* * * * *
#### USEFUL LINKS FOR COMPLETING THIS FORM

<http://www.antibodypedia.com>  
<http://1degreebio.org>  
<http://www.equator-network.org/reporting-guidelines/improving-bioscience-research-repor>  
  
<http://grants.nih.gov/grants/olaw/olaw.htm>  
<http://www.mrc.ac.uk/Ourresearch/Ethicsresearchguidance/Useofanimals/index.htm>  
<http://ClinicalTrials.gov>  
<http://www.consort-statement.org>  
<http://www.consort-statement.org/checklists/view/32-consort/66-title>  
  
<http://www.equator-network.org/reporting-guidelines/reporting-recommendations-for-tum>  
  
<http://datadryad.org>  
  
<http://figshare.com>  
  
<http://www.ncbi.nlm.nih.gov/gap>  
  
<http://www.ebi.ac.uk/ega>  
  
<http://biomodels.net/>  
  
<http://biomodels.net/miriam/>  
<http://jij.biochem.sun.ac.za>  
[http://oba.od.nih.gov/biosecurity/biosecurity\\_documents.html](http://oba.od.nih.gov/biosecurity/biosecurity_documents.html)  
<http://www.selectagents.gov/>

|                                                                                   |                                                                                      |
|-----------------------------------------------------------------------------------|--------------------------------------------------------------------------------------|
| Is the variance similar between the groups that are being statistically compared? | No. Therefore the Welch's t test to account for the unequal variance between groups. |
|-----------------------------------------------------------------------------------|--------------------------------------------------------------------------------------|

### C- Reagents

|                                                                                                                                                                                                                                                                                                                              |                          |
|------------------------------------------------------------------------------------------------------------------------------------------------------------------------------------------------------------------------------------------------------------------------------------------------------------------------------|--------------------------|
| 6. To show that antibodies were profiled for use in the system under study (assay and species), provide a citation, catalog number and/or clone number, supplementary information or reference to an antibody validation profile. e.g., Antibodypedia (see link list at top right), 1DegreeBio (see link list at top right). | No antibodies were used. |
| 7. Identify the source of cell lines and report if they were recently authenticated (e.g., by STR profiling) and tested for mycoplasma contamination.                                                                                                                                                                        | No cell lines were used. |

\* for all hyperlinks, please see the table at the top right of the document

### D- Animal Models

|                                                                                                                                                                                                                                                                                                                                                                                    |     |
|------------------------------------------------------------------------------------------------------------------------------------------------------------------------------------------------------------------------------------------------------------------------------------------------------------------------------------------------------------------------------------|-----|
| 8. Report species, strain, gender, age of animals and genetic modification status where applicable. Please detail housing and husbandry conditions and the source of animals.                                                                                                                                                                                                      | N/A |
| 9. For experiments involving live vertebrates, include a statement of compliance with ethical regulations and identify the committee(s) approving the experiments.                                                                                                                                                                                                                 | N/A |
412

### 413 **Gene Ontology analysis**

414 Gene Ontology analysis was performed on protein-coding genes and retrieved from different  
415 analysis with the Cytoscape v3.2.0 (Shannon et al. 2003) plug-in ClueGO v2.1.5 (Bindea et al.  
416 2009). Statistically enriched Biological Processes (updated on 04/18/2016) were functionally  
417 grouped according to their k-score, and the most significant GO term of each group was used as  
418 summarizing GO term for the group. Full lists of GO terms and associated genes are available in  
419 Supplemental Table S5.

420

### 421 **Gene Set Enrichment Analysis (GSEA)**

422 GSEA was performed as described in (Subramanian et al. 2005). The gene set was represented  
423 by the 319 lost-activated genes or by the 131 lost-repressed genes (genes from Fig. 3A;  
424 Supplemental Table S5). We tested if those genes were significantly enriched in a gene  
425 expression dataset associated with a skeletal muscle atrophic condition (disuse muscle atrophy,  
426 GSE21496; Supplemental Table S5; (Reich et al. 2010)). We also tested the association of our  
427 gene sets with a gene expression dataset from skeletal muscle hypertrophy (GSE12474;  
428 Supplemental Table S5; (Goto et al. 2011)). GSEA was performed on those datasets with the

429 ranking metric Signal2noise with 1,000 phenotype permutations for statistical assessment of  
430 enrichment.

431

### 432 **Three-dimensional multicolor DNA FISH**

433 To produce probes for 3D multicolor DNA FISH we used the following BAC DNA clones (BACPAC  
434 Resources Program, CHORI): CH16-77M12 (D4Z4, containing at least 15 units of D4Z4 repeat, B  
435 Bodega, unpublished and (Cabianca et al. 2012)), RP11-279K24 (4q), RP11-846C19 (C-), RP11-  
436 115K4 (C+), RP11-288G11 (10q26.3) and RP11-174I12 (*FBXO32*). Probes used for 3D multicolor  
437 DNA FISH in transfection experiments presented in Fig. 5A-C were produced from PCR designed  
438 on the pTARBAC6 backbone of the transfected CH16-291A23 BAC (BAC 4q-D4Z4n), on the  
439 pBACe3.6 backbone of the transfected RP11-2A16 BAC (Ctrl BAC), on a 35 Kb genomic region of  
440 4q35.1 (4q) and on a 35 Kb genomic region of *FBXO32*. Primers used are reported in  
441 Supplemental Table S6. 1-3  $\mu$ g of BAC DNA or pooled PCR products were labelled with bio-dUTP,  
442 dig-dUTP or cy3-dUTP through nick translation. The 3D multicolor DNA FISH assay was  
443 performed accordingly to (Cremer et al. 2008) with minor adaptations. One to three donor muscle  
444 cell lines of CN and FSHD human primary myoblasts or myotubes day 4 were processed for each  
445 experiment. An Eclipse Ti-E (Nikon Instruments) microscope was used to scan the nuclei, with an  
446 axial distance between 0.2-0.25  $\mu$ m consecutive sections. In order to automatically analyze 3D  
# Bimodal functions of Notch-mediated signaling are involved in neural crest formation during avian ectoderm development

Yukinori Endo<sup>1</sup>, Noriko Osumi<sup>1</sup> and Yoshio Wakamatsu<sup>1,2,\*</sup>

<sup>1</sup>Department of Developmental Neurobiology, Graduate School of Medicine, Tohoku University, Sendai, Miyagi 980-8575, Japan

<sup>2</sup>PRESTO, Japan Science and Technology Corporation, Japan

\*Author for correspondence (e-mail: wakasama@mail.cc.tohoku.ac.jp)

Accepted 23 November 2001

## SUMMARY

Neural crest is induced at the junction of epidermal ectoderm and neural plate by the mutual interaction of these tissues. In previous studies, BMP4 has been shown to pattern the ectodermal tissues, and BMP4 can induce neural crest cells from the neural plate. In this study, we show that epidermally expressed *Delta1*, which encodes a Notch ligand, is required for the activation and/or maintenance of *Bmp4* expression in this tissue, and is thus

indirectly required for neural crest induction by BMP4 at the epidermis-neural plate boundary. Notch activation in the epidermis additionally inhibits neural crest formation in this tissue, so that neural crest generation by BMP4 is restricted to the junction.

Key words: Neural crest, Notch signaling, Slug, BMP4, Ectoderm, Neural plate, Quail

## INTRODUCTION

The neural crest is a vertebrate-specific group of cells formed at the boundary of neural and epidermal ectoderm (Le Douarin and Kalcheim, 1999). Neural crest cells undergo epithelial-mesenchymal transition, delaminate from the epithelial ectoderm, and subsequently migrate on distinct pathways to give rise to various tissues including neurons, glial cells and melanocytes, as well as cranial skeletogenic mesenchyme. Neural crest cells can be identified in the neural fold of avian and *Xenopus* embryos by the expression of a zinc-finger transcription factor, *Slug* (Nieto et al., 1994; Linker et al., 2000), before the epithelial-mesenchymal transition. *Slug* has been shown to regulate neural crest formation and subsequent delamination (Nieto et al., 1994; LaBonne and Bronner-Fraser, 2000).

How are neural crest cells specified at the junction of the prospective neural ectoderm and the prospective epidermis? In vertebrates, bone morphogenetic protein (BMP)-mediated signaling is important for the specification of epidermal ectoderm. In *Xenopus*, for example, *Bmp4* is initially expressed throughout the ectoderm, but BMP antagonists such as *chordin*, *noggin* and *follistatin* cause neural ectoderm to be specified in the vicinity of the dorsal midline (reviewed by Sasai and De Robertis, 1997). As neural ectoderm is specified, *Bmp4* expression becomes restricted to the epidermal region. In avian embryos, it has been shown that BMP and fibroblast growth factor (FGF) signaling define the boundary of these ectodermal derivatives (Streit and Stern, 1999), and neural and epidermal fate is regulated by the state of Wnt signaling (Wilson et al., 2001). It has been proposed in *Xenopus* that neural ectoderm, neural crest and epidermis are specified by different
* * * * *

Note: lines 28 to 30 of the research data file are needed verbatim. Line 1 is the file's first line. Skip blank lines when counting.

| 7. Identify the source of cell lines and report if they were recently authenticated (e.g., by STR profiling) and tested for mycoplasma contamination.                                                                                                                                                                        | No cell lines were used. |

\* for all hyperlinks, please see the table at the top right of the document

### D- Animal Models